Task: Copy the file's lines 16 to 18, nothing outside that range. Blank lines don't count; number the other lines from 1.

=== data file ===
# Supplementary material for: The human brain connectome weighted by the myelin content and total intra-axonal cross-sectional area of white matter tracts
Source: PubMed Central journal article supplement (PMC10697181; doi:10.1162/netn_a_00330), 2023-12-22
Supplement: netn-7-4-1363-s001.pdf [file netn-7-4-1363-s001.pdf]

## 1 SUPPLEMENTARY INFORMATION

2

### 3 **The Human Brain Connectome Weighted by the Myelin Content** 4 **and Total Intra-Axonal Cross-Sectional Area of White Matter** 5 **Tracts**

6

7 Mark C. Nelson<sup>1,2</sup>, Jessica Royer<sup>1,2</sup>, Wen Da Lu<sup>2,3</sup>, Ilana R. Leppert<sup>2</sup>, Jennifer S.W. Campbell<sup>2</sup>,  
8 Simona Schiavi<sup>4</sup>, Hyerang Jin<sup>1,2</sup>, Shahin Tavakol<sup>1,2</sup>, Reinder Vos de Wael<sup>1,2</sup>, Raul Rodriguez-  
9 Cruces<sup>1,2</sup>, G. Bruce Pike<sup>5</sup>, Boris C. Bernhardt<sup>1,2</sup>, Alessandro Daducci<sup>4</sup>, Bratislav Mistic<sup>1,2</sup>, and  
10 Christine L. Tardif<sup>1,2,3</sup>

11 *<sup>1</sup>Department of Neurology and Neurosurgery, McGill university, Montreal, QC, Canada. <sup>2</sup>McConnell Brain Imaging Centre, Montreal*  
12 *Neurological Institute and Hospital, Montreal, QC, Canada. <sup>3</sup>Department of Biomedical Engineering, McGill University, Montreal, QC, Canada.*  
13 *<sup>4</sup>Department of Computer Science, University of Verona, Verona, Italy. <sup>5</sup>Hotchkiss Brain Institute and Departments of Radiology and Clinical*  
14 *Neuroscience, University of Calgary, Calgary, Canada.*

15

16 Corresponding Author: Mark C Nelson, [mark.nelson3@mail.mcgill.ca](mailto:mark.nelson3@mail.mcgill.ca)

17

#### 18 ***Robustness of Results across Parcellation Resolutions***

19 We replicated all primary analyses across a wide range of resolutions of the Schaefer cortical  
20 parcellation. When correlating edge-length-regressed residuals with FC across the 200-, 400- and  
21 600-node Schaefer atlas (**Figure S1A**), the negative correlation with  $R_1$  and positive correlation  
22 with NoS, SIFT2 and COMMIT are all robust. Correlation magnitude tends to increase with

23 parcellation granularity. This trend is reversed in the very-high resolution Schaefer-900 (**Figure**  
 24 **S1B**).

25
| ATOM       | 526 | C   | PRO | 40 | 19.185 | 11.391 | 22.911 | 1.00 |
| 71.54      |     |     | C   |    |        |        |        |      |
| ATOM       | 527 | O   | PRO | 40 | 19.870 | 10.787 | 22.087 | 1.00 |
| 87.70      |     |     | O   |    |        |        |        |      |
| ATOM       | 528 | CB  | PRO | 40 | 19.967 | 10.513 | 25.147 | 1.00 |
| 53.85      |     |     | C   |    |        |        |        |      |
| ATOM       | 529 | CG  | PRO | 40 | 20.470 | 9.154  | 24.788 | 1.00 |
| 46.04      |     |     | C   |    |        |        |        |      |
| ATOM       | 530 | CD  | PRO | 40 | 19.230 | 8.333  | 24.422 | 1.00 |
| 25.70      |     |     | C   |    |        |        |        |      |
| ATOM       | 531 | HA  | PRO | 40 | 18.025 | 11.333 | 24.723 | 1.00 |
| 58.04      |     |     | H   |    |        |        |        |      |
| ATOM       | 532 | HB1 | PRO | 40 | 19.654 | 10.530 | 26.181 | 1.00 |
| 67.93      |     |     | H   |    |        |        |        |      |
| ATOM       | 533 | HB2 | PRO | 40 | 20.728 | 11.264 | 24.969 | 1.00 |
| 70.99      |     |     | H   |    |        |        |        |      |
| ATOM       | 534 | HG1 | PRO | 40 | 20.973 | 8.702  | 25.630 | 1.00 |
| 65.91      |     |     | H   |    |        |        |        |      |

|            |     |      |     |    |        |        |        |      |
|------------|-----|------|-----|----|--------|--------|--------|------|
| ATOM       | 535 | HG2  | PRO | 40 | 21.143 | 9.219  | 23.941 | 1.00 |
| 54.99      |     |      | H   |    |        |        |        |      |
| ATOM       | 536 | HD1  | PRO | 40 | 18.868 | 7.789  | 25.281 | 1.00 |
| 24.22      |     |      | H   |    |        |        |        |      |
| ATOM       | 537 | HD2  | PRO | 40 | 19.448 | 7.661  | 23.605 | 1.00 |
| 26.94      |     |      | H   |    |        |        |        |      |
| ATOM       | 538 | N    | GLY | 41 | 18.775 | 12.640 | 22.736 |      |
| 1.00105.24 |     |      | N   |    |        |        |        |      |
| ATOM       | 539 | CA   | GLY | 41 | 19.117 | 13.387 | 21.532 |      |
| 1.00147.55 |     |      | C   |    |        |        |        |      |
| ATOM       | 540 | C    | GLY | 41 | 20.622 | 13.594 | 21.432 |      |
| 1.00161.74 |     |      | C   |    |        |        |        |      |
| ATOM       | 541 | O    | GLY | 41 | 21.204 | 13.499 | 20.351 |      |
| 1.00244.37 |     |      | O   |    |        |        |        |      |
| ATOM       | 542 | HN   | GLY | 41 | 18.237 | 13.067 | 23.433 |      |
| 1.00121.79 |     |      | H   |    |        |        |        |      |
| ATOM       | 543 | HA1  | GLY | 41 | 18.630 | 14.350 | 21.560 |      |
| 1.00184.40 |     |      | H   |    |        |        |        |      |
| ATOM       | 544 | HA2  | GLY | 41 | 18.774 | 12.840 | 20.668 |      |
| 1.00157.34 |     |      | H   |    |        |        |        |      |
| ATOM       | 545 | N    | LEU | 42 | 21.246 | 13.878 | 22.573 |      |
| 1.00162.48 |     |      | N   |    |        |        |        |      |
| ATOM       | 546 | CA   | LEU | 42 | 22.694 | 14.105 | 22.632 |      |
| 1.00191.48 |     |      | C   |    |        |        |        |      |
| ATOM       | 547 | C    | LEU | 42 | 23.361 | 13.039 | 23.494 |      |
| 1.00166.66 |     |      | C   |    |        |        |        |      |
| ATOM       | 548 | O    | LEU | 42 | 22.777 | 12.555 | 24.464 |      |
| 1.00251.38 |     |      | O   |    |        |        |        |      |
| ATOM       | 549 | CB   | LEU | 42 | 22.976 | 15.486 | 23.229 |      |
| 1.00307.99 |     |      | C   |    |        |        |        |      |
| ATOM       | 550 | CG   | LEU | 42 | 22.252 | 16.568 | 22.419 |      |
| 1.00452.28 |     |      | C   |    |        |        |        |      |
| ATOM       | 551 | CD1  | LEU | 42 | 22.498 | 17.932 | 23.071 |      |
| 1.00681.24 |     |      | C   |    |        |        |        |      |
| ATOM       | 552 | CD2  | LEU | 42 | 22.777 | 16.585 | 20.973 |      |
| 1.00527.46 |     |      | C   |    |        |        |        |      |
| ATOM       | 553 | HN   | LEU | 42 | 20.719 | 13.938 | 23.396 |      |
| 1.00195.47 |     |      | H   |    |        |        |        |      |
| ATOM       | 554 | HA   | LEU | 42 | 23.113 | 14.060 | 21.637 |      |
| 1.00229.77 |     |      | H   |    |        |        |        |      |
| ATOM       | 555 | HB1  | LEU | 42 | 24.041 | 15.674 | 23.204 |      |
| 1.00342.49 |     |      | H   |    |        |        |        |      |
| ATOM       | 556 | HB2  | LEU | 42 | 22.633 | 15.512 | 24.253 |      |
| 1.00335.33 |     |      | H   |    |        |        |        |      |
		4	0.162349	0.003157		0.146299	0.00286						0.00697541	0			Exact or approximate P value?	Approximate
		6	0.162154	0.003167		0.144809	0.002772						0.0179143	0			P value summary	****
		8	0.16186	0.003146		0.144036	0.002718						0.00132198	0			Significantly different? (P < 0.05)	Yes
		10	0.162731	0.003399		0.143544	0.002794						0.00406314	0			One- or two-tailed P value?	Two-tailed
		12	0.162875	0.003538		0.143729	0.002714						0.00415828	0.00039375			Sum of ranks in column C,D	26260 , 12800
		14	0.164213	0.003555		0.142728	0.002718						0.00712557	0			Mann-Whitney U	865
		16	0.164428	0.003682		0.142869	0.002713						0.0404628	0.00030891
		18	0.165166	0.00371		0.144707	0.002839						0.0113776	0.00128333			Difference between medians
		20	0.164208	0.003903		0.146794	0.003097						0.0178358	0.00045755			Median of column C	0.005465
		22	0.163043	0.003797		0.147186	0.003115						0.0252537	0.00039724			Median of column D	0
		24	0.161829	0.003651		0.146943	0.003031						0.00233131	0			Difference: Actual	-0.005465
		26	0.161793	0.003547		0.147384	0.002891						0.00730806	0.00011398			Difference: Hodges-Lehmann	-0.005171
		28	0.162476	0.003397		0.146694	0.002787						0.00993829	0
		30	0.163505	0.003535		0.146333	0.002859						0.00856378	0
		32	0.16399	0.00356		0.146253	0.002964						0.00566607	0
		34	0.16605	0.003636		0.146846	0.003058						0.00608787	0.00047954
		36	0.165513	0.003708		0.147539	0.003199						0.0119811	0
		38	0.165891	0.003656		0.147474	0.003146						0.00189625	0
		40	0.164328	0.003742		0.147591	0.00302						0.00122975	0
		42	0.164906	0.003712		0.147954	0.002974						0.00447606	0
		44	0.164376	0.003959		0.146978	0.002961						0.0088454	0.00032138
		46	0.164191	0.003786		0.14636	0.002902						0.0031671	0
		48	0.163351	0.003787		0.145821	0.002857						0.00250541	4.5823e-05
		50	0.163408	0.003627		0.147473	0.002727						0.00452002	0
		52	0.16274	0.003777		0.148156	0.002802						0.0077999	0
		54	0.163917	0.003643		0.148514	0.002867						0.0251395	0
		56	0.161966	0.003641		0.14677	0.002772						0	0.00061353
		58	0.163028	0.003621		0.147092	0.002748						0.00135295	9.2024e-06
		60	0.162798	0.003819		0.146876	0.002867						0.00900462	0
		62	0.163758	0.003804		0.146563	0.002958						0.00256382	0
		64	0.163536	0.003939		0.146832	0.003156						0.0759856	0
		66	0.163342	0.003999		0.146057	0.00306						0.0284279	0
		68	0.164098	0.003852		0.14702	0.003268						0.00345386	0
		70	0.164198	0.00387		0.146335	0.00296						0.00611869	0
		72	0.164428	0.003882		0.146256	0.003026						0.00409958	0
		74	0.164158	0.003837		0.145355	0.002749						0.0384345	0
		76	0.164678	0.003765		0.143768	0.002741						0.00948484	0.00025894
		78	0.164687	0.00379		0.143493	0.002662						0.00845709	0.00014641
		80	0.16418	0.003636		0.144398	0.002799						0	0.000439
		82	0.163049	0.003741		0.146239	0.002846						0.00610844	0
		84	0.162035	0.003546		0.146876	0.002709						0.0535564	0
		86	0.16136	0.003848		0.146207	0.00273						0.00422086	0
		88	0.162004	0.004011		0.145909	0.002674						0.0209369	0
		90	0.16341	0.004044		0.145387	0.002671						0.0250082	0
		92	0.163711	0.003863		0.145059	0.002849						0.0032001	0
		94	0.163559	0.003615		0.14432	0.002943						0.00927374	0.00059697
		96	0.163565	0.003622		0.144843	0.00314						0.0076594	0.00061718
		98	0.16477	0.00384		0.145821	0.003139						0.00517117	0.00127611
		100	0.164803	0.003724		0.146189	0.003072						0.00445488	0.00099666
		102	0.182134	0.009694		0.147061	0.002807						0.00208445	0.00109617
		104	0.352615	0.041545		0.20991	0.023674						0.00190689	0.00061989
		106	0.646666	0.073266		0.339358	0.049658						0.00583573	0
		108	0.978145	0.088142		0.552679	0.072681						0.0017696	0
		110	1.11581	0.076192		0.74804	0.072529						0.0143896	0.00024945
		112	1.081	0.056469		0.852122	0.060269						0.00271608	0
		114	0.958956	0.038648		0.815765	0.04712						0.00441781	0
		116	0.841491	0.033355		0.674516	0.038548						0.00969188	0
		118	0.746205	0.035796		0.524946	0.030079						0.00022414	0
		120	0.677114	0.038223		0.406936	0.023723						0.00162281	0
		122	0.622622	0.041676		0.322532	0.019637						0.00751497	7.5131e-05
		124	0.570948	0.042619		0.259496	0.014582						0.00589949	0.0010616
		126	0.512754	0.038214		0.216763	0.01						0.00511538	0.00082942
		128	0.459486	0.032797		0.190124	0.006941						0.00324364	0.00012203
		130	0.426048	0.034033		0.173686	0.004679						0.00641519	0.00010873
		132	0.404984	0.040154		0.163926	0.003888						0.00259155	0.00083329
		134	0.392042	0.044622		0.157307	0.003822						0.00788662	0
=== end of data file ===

15

16 Corresponding Author: Mark C Nelson, [mark.nelson3@mail.mcgill.ca](mailto:mark.nelson3@mail.mcgill.ca)

17